We're hesitant to tell you about Pon Pon, because once you know about this boozy, beautiful, artistic spot at 2528 Walnut Street, it will be harder for us to get a seat at the bar. Still, the place is so great we can't resist sharing the news. Paul Garcia and Eric Corrigan are the masterminds behind this new spot, which is half bar and half gallery, and advertised with nothing more than a paper sign out front that was drawn by Corrigan's kids.
Both owners are artists and musicians, who've realized a decade-long dream with Pon Pon. Once they found the space, creating Pon Pon took over two years, and there are still a few details to work out, including whether to keep the crayon sign or get a new one. They're also working on the lineup for gallery shows and music performances; the website still said "Coming Soon..." even after they had opened for business Christmas week right next to the new Stowaway coffee. This is a true "art bar" — comfortable and well-curated — amidst a sea of other spots that claim to be the same.
Eric Corrigan, left, and Paul Garcia, right, picking the best vinyl to play at Pon Pon.
The inaugural exhibit for the gallery half of Pon Pon, called the Lane Meyers Project and separated from the bar by a blinding white light, are works by international artist Nat Murray, who grew up and then attended art school in Nova Scotia and currently lives in Tapei, Taiwan. Murray's statement for the show ends with this: "A shirtless man in a desolate landscape whispers, 'Just get through the day.'"
The gallery will be an integral part of Pon Pon. "You can close it, open it, combine it, so the bar always has that art element," says Corrigan. "It's organically turned into showings with the artists we know. The funny thing is that when I started, I wanted to be sure of this because I know when looking at other galleries in this town, I see how much they struggle because it's hard to sell art. So I wanted maintain this level of professionalism in a way. It's not showing in a bar, it's showing in a gallery in a bar." Corrigan who moved to Denver fifteen years ago, has his own art hanging near the bar.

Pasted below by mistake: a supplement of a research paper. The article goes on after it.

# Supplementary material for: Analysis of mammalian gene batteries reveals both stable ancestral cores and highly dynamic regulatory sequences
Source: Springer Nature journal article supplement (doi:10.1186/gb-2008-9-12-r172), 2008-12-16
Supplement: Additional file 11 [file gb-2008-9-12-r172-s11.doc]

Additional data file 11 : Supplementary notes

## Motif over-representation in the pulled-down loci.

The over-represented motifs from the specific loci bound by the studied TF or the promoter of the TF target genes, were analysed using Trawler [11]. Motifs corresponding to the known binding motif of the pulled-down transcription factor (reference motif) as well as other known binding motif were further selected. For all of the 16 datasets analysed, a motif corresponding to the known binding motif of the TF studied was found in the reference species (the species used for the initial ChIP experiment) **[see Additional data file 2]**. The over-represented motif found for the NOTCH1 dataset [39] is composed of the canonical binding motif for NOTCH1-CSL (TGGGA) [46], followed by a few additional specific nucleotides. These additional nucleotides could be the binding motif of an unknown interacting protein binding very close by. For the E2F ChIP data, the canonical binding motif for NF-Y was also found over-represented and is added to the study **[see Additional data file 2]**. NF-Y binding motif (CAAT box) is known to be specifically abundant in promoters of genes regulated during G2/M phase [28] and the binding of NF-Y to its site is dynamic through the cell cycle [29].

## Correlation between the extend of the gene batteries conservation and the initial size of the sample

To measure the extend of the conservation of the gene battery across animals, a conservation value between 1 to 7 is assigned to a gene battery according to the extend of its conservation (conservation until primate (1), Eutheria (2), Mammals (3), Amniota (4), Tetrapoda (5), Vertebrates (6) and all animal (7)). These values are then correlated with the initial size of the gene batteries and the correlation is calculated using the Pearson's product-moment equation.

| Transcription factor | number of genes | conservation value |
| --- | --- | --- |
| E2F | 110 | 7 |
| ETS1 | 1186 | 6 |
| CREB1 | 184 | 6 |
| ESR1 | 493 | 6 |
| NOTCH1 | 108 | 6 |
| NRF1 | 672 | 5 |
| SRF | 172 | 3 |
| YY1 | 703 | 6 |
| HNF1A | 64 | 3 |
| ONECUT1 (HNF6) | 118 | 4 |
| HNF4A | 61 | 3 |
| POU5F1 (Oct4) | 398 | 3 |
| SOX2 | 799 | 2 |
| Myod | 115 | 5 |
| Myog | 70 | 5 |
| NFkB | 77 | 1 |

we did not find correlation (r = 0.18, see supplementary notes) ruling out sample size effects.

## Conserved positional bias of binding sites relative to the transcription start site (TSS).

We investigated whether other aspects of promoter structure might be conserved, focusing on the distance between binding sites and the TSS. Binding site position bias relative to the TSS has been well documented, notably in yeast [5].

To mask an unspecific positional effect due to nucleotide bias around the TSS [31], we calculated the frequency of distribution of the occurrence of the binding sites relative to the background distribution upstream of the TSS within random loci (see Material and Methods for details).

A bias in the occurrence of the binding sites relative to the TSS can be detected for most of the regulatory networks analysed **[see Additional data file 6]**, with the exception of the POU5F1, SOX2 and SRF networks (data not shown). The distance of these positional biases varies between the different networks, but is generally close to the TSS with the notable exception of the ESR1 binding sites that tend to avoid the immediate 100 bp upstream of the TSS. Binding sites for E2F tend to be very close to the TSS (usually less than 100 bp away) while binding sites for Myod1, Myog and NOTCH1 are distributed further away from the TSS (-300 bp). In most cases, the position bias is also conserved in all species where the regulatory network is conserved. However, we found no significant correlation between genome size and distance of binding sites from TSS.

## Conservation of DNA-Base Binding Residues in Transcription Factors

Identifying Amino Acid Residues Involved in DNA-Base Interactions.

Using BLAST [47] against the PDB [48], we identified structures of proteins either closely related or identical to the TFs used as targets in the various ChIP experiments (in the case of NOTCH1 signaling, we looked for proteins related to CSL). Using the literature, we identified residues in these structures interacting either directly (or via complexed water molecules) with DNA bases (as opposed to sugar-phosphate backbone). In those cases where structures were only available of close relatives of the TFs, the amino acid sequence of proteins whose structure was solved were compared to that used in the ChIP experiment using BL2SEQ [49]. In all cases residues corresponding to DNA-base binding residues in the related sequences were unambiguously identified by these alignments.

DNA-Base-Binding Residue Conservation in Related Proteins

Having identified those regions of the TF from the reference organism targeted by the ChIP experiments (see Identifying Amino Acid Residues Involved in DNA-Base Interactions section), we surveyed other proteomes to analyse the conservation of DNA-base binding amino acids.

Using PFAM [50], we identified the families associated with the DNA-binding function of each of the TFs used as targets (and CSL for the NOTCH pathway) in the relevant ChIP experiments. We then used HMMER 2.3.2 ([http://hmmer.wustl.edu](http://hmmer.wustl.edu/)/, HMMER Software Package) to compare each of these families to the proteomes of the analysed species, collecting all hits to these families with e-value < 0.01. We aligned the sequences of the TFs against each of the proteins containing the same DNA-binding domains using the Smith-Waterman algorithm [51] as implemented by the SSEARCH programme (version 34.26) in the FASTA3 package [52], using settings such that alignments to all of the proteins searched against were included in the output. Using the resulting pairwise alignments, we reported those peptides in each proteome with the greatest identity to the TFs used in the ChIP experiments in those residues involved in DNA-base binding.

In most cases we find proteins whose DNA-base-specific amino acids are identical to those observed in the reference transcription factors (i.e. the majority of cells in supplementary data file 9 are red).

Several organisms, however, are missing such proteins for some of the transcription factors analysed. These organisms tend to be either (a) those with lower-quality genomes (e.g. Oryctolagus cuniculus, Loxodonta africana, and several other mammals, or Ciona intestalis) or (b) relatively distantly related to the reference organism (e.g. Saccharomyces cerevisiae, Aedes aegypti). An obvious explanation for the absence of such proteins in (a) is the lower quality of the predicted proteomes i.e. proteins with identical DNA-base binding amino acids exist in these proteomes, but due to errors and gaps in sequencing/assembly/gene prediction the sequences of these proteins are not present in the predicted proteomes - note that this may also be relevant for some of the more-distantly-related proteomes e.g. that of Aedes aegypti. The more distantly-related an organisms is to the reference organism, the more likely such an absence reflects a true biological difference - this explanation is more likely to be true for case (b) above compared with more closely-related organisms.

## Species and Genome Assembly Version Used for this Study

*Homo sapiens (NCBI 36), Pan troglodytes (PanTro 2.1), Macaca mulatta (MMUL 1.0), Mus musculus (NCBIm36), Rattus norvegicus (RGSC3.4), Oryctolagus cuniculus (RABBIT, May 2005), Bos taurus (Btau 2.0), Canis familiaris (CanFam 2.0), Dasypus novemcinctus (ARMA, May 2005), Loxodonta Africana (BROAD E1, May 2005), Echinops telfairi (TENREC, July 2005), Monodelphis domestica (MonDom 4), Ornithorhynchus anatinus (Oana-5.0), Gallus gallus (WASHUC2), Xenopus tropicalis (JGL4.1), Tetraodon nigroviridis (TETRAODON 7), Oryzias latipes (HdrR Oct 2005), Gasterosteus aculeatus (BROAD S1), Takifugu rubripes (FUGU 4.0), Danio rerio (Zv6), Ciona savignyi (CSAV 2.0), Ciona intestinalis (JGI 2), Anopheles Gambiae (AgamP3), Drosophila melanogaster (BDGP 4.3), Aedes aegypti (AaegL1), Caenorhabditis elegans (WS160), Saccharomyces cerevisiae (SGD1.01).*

Pon Pon means "man overboard," one step below SOS in Navy lingo, so you'll find nautical details scattered through the space, including hidden lighthouses and a Hemingway-esque wallpaper up front. There's also plenty of comfortable, grandma's house-style seating (that's often full), as well as a skylight rimmed by multi-colored lights."We were just thinking, we're the type of people who never take Christmas lights down," explains Corrigan.
Asked for the inspiration behind Pon Pon, the two men cite every bar they've visited in their lives. Garcia's worked at some of them, including Forest Room 5, but his experience runs beyond that. "I used to live in and run a DIY venue called 'The Hipster Youth Halfway House' which was at 2719 Walnut Street, a block away from Pon Pon," he says. "Now it's this big loft condo space called Hartley Flats. It's kind of full circle, I guess, to end up on the same street ten years later."
There are some DIY aspects here, too, including vinyl and tape player options for customers. "To be a part of the music in a space is to define that space," Garcia explains. But there have also been live acts in the space, including the Night Shifts female DJ duo and Rick Griffith; next Friday, January 15, Dan Landes will spin music with a legit tarot-card-reader alongside him.
Garcia and Corrigan take a walk around the Lane Meyer Projects.
The owners and duo holding some records picked off of the wall.
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